The Warsaw Uprising of 1944 (Hardcover)

By Wlodzimierz Borodziej, Barbara Harshav (Translated by)

University of Wisconsin Press, 9780299207304, 196pp.

Publication Date: May 5, 2006

List Price: 45.00*
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The Warsaw Uprising of 1944 dramatically tells the largely unknown story of the Warsaw resistance movement during World War II. Desperate to free themselves from German military oppression but also hoping to show the advancing Soviets that they could not impose easy rule upon the citizens of Warsaw, the Poles launched an almost hopeless attack against the Germans on August 1, 1944.

    Wlodzimierz Borodziej presents an evenhanded account of what is commonly considered the darkest chapter in Polish history during World War II. In only sixty-three days, the Germans razed Warsaw to the ground and 200,000 people, mostly civilians, lost their lives. The result—a heroic and historically pivotal turning point—meant that the Poles would lose both their capital and an entire generation. This concise account of the trauma—little known to English-speaking readers—will appeal to anyone interested in the history of World War II in general and is a must-read for students of Polish history in particular.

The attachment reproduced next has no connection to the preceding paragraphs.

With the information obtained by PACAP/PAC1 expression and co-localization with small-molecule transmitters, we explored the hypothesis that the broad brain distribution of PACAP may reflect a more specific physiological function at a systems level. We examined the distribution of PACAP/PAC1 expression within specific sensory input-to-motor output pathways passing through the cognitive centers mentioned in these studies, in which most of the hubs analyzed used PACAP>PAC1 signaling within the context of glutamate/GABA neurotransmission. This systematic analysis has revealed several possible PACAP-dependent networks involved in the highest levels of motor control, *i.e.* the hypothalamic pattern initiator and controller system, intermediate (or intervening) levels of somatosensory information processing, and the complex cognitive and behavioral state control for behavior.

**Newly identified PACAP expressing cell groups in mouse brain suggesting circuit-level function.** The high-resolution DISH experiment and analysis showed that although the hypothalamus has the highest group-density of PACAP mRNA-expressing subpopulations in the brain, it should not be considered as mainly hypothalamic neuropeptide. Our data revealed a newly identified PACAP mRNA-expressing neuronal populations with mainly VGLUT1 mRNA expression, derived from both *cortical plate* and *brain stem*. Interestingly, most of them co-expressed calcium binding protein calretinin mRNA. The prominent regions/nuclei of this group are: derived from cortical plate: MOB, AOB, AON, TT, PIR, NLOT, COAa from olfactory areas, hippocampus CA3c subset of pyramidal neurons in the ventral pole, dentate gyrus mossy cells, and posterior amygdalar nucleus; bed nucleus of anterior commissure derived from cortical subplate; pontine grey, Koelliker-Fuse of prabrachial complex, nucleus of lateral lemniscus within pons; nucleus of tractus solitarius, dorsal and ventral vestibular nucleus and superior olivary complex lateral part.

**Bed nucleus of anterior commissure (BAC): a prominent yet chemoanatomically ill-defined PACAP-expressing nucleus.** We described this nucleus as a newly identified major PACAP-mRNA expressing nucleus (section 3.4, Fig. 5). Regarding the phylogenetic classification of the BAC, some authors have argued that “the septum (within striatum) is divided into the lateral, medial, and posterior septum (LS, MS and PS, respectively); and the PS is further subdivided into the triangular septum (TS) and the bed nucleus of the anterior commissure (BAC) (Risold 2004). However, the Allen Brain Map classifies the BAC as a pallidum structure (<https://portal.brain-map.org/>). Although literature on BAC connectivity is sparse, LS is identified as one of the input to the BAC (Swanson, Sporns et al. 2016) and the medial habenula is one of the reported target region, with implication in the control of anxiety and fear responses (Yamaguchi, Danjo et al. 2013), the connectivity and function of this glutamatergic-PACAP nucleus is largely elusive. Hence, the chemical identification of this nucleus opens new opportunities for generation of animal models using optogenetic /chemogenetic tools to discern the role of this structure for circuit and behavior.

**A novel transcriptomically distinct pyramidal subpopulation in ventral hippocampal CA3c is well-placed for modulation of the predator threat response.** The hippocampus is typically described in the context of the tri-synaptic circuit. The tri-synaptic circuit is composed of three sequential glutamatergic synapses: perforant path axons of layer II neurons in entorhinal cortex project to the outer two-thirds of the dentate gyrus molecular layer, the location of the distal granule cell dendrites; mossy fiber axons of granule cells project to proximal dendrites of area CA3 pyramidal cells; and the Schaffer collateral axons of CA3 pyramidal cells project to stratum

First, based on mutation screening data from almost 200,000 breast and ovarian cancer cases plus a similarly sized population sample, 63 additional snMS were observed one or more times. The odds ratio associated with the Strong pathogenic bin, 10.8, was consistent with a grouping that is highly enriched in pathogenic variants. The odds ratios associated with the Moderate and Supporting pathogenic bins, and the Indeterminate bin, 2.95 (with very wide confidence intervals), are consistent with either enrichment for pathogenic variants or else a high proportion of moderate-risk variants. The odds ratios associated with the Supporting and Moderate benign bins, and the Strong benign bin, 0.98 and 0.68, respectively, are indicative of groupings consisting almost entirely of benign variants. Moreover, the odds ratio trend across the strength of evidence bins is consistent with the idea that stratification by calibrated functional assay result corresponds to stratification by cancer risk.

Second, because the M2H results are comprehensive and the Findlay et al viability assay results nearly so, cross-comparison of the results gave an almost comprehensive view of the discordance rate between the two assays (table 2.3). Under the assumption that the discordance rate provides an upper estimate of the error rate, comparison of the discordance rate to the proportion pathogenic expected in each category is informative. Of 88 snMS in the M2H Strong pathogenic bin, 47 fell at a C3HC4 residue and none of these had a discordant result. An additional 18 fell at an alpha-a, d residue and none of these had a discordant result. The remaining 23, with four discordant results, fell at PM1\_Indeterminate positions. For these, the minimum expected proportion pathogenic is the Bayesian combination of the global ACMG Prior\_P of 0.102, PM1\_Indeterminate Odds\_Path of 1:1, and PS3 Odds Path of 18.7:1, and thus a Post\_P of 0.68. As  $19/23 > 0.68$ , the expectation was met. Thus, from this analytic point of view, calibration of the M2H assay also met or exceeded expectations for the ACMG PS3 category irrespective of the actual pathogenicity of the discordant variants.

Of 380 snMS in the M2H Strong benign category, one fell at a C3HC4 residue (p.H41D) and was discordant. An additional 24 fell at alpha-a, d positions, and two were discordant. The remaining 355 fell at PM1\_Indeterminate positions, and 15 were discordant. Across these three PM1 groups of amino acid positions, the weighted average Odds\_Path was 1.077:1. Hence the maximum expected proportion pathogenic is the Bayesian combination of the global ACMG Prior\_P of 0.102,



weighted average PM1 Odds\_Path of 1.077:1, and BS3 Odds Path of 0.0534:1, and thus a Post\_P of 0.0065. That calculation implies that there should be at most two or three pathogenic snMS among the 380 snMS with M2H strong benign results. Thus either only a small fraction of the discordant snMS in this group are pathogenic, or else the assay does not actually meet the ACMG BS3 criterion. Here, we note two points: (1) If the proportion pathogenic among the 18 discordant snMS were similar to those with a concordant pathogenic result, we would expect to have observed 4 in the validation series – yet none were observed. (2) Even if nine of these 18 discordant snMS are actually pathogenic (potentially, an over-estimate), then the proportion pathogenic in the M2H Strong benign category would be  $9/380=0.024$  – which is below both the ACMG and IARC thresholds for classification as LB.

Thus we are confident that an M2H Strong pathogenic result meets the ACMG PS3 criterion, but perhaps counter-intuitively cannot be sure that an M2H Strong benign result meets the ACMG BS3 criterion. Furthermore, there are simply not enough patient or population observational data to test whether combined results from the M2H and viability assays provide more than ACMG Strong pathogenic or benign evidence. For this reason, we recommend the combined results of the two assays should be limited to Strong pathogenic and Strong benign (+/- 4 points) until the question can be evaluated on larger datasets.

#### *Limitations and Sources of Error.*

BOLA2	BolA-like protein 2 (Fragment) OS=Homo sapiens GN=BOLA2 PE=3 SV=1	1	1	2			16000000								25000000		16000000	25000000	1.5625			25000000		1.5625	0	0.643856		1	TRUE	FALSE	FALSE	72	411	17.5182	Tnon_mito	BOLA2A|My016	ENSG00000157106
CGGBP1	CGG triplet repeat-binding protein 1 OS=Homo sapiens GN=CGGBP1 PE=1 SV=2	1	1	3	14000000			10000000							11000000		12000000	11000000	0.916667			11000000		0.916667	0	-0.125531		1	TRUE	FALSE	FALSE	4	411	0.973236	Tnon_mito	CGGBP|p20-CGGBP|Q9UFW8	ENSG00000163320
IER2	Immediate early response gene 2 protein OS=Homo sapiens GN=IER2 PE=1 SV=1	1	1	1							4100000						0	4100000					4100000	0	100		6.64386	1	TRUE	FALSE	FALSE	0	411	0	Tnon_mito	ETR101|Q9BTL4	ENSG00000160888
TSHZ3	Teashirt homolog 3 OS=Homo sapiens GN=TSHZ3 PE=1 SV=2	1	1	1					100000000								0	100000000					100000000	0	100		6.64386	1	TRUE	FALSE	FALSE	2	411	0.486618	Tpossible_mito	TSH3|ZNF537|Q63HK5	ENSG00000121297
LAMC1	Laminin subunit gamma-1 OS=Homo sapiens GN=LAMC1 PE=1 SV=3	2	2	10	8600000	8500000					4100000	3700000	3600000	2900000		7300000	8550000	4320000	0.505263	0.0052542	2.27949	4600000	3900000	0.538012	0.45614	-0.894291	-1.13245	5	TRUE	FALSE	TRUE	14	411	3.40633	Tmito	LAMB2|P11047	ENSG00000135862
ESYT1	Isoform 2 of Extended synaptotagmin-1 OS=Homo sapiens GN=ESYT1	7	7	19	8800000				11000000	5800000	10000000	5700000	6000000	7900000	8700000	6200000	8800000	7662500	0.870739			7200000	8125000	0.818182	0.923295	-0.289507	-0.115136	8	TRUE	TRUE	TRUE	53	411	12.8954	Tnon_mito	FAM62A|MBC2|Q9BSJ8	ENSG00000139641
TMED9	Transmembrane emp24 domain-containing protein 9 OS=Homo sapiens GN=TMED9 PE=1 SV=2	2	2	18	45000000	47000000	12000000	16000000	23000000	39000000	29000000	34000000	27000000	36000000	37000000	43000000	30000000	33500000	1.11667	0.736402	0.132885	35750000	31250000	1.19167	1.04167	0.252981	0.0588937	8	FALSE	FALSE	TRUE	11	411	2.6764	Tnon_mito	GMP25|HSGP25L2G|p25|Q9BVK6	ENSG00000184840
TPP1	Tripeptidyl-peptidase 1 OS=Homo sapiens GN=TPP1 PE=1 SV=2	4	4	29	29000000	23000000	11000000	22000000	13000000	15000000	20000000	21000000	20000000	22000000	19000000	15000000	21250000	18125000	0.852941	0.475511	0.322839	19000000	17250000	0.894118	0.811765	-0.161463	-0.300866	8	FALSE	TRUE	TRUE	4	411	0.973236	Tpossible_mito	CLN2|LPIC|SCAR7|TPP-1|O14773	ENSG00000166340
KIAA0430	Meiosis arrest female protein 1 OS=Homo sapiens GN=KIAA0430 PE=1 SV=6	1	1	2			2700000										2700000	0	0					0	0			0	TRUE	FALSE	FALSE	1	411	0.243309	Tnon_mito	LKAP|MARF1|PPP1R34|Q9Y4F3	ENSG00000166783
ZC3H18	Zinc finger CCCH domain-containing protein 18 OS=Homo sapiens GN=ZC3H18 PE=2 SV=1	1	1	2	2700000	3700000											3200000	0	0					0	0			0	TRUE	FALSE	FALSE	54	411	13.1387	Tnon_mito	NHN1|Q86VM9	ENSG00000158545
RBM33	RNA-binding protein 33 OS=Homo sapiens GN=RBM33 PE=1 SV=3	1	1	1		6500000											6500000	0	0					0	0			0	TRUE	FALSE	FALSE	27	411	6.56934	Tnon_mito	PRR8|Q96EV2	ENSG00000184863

About the Author

Wlodzimierz Borodziej is professor of history at Warsaw University and the author of a number of books dealing with German-Polish topics. The Warsaw Uprising of 1944 is his first book available in English.

Praise For The Warsaw Uprising of 1944

“The hitherto most objective recounting of the ill-fated 1944 Warsaw Uprising of Polish resistance fighters.”—Focus

“This sound study is a treasure chest of information, interpretation, and insights from other scholars that constitutes an important contribution to the understanding of this historical event.”—Frankfurter Rundschau

“In 149 pages of text, [Borodziej] has explained the most tangled vicissitudes of Poland’s World War II history and described in a dramatic and moving way the resistance, the suffering, and the annihilation of Warsaw, one of the major capitals of Europe.”—Piotr Wróbel, Slavic Review